A parent sits in the family room and, if they are lucky, watches their teenager walk into the room, traipse around and sit on the couch to watch television. After a night at a seminar where the parent learned about student leadership, why it is important, and the characteristics that a student leader should have, the parent glances toward the teen eagerly, gripping the arm of the sofa tighter and then loosening. The parent curls their lips preparing to speak before surrendering back into their television show.
The number one question that I get asked by parents is "How do I start showing my child how to be a leader?" Well that may be the number two question right behind "What makes you think my child is not already a leader" to which I respond that the child very well may be a leader, but that all of us have tremendous opportunities for growth and improvement.
The answer to the question is not always the easiest to deliver. There are a number of issues that come in to play but the most important is the issue regarding the relationship between the parent and their child.
At most of our seminars, we are blessed to find committed parents with a tremendous amount of dedication to their child and their development. However, even some of those parents do not have a communicative relationship with their child and have great difficulty finding a comfortable place to talk to their student, much less teach and mentor them.
Teaching your child the techniques of leadership can be done more easily than sitting them down, holding a lesson, and giving them homework. A parent should always consider their relationship with their child as one that is of example and should lead their child towards their leadership development in much the same way. Getting your child to learn the techniques of influencing others should be a goal sought not unlike the goals that you are teaching your child to accomplish.
There are three specific considerations that a parent needs to incorporate in order to get your child to start moving towards leadership skills that they have not previously had. But more importantly, it moves you both towards a more healthy mentoring and communicative relationship that will grow your student towards a more productive future.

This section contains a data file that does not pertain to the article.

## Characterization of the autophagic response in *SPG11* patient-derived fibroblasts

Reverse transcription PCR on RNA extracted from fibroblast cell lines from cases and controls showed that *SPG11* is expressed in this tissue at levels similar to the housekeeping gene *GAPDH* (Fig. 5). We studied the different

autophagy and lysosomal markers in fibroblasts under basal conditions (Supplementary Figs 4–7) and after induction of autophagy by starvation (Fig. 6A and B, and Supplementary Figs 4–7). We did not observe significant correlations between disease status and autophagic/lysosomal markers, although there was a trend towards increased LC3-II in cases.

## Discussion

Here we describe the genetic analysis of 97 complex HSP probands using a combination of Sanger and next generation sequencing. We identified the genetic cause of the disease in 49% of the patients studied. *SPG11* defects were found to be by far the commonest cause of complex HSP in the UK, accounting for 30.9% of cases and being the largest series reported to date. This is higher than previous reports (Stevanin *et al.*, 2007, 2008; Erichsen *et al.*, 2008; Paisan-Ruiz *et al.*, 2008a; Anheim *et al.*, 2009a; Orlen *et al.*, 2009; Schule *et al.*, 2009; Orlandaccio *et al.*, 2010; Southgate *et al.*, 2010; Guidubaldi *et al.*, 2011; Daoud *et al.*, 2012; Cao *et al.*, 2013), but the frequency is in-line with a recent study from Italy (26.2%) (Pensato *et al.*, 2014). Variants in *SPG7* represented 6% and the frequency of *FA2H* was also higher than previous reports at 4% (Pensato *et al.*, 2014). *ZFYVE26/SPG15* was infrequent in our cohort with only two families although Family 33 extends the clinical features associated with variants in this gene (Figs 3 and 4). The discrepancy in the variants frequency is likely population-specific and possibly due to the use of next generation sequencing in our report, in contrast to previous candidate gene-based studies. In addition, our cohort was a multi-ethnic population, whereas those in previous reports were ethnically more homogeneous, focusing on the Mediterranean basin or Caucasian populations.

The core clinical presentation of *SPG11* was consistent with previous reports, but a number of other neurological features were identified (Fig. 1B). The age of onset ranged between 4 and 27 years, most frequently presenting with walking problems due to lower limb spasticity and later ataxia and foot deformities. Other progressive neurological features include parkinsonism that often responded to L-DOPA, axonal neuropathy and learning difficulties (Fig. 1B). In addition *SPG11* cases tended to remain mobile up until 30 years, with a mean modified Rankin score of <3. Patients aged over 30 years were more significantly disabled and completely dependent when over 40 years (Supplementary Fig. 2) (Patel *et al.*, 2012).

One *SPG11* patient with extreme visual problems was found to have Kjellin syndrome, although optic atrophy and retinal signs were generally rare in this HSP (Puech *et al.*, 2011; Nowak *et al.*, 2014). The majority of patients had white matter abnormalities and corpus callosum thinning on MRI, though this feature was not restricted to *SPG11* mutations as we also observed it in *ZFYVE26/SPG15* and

Communicate the benefits
Most students are led every day and don't realize it. They watch their friends get asked to take positions or being promoted to positions of leadership and either be jealous or have no real feelings about the occurrence.
Your student could have every characteristic needed to be a leader, and until they start to seek positions of influence, will not find the benefits on their own. So, communicating the benefits of leadership positions to your student can be the most important step in getting your student leader to take the reins.
These are just a few methods that can be used to communicate the benefits to your student.
- Be direct and specific.
- Reference a friend who leads.
- Take up the benefits yourself.
The last method mentioned here may not be the most clear or obvious. When you as a parent or teacher begin experiencing the benefits of leadership, whether those benefits be meeting important people, speaking at meetings, or just being more effective at home, your student will see the benefits through action.
Next Wednesday, we will approach the next method for getting your student started as a leader.